Within the past 4 months, I spent over $450 at the convenience store. All for things I didn’t even want. It was literally all on junk food.
Actually every time I went to spend the money, I was mad I was even at the store in the first place. I was frustrated, then regretted it every time I ate that chocolate bar or can of soda I got.
And yes, those sugar highs led to crashing and burning near the end of my work day. Then I’d go home and complain.
And the next day, I’d do it again.
Why? Because I was frustrated over certain situations at work that were very toxic.
In fact, any time I was frustrated about it, I didn’t want to be there. So what did I do? I left the premises. I was a bit embarrassed at not wanting to be there (yes, weird, I know), so I used getting a snack as an excuse to go across the street. It got to the point where it was a daily occurrence.
At the time, I had no idea that this was a spending trigger, until I looked at my monthly spreadsheets and noticed how much I was spending. And as soon as I noticed a pattern, I stopped it.
What is a Spending Trigger?
A spending trigger is something that happens that gets you to spend money. For example, if you’re thirsty, you’d go and buy a bottle of water.
Triggers usually happen because of the emotions you’re experiencing. Unfortunately, these are usually negative ones, like shame, anger or even frustration. Instead of dealing with whatever it is you’re feeling head on, you turn to spending money in order to mask it.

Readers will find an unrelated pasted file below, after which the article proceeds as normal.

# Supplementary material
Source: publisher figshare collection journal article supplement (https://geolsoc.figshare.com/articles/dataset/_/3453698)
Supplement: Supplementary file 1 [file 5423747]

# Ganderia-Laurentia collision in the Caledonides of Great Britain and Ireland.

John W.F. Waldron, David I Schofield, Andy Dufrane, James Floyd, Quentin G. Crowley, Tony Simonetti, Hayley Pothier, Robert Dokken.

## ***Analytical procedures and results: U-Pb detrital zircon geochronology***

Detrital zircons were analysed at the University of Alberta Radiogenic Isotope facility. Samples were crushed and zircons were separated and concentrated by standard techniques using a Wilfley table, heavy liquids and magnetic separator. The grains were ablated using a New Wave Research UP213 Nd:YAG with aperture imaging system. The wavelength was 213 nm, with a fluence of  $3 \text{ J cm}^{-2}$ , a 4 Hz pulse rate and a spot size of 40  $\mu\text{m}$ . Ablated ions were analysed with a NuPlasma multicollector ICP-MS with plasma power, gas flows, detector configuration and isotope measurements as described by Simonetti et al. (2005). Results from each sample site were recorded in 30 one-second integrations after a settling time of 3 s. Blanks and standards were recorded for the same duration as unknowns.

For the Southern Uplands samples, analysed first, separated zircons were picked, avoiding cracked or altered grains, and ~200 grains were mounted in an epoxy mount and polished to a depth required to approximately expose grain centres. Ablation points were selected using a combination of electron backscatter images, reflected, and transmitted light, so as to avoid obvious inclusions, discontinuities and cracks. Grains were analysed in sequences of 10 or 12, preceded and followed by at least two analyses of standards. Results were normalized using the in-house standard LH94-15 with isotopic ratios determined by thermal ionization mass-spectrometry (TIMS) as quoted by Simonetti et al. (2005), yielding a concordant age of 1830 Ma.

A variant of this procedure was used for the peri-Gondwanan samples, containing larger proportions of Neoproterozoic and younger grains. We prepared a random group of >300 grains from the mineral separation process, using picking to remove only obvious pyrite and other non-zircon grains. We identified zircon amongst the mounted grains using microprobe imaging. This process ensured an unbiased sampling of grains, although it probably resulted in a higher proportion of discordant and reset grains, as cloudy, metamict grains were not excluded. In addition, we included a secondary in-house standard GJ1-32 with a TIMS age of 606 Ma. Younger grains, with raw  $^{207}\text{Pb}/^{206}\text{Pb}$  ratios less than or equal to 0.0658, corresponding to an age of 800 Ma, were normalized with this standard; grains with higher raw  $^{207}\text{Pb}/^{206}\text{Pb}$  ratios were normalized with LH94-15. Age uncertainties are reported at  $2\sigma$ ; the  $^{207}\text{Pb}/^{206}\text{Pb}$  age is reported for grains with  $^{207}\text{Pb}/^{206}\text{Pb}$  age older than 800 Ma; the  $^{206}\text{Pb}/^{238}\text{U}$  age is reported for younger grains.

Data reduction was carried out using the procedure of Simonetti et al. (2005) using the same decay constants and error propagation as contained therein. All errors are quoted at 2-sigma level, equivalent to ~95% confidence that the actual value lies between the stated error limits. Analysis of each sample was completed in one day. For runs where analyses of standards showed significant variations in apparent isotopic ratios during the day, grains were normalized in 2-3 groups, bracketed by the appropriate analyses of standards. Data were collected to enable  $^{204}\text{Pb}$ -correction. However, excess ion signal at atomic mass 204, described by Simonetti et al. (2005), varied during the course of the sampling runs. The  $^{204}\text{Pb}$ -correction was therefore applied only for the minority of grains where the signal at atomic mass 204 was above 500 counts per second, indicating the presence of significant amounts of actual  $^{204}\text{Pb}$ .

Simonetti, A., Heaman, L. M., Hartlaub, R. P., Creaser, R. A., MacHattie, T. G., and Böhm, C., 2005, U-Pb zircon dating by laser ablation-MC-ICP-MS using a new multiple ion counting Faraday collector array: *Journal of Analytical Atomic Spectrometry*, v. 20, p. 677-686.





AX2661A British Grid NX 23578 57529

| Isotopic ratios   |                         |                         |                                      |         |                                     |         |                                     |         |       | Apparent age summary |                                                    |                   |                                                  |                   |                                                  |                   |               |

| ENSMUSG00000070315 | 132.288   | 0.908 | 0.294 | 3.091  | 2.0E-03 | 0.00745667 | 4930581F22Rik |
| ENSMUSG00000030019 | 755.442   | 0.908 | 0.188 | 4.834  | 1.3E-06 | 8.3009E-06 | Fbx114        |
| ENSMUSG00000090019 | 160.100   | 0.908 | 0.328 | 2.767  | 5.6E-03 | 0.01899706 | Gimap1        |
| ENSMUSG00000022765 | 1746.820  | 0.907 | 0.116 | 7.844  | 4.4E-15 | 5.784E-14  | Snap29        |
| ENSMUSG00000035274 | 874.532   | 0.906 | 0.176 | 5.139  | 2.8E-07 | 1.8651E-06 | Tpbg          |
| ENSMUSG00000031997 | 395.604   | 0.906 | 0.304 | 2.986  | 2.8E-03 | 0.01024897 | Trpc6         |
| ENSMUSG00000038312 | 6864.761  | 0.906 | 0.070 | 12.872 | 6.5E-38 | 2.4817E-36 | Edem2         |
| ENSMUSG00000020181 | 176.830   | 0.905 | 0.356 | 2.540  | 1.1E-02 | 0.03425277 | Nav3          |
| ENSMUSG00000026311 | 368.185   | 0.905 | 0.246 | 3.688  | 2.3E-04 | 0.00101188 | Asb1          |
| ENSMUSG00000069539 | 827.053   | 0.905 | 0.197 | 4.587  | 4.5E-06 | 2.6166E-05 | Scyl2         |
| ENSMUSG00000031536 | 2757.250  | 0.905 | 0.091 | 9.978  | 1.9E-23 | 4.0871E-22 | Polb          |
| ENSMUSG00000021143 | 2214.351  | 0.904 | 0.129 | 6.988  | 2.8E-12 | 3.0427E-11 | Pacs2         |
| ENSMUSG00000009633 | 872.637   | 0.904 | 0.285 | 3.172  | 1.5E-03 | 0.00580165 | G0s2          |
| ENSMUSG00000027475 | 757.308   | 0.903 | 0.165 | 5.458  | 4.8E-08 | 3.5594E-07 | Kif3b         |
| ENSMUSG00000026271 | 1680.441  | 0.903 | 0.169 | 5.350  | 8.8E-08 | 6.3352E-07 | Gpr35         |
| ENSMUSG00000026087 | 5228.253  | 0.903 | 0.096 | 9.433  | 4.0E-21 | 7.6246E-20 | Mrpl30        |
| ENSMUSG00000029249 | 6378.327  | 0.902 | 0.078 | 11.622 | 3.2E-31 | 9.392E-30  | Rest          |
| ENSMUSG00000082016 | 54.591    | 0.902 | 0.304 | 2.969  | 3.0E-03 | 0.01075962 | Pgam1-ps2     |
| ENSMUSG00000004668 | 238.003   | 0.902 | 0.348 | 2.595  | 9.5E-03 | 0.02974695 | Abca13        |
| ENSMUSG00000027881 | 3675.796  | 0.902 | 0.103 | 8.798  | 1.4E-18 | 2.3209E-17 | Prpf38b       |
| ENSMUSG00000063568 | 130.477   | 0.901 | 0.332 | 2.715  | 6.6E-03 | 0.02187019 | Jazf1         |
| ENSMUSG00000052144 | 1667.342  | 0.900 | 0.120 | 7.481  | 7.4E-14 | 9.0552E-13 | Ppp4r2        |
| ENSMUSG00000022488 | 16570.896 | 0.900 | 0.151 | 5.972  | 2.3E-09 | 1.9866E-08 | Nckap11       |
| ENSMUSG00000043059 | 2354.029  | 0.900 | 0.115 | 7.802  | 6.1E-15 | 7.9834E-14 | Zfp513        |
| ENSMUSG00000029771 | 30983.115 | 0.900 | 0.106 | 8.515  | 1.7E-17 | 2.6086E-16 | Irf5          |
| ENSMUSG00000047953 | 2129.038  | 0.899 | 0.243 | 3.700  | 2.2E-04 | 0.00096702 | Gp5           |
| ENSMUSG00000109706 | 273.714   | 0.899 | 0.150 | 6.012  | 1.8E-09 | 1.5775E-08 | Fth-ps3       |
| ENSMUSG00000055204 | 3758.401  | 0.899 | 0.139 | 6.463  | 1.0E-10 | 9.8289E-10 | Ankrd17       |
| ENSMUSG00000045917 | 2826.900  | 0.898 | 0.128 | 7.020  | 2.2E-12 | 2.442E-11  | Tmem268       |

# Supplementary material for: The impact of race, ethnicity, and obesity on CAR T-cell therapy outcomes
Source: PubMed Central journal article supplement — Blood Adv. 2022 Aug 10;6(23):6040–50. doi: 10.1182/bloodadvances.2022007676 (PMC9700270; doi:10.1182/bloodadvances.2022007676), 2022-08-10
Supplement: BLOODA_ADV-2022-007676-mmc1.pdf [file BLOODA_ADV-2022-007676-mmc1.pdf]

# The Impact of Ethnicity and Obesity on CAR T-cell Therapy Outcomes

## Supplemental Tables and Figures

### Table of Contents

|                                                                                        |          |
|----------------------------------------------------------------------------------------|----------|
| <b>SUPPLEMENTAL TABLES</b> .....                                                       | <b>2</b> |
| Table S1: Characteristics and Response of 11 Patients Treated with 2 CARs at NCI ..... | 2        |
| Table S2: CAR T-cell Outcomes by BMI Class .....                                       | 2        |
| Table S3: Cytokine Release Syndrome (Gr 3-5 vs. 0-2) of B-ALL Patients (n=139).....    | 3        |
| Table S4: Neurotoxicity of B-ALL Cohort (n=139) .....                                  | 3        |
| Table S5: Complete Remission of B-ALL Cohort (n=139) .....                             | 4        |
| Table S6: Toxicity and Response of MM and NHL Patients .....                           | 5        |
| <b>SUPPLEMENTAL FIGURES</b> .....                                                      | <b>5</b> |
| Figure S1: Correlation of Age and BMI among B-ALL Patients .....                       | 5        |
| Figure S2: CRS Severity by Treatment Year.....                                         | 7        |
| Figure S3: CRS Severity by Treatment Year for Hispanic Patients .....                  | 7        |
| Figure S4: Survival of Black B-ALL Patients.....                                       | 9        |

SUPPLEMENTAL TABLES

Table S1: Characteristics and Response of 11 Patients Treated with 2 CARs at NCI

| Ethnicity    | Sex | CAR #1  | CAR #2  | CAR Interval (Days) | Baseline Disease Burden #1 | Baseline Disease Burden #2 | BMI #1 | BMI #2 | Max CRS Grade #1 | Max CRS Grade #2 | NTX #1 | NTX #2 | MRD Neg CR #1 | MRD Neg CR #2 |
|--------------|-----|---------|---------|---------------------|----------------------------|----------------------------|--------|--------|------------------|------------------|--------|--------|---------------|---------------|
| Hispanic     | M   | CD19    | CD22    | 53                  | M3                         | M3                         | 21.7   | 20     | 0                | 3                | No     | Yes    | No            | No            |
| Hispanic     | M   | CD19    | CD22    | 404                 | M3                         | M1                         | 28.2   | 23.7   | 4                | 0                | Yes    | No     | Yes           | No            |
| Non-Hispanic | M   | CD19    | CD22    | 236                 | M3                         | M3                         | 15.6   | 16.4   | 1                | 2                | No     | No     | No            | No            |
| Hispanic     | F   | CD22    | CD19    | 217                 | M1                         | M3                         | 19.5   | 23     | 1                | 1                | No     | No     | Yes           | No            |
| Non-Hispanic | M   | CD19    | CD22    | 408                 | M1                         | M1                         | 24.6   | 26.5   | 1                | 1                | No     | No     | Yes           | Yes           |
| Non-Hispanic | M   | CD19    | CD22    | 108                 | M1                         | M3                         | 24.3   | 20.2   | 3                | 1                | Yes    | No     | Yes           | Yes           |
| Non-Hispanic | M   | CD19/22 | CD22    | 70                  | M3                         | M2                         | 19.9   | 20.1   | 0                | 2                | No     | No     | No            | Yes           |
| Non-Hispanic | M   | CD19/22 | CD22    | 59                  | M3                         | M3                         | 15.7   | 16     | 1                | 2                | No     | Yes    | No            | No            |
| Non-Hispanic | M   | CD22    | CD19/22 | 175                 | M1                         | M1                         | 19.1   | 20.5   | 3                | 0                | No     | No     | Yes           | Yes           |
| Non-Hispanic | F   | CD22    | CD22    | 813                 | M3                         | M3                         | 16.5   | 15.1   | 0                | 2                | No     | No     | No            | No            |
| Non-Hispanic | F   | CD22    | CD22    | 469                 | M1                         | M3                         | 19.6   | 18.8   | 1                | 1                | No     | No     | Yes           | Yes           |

For me, the emotion I was trying to not deal with was my frustration at my day job. Not feeling like I had an outlet , I thought the best way was to physically leave my workplace. Except my mind kept thinking “I could really use a cup of coffee.” or “I’m craving chocolate.”
I will say that I’m grateful that my spending habits these last few months didn’t affect my finances that much. I can afford it and I had a lot of buffer room n my budget for it, so in the end it was trying to align my spending with my values (which obviously wasn’t junk food, haha).
But what if my vices were more expensive? Or more often? If I continued that way, I could have easily overspent and gone into debt.
Yes, folks, other than student loans, mortgages and other types of financial emergencies, people go into debt because of unrecognized spending triggers.
Don’t believe me? Read my consumer debt story. Classic case of a spending trigger.
What Can I do About it?
Well the good news is that if you want to do something about it, you’re off on the right foot. The main reason why people continue to spend money is they’re avoiding something. So if you recognize that something is wrong, you’re at least not avoiding it.
To stop the spending trigger, replace it with something positive that directly deals with the emotions or situation that led to the spending trigger in the first place.
This technique is simple, but not easy. Mine was a simple $5 daily habit, but it took three weeks to kick it to the curb. So be patient with yourself because the last thing you want to be is frustrated, and spend even more money.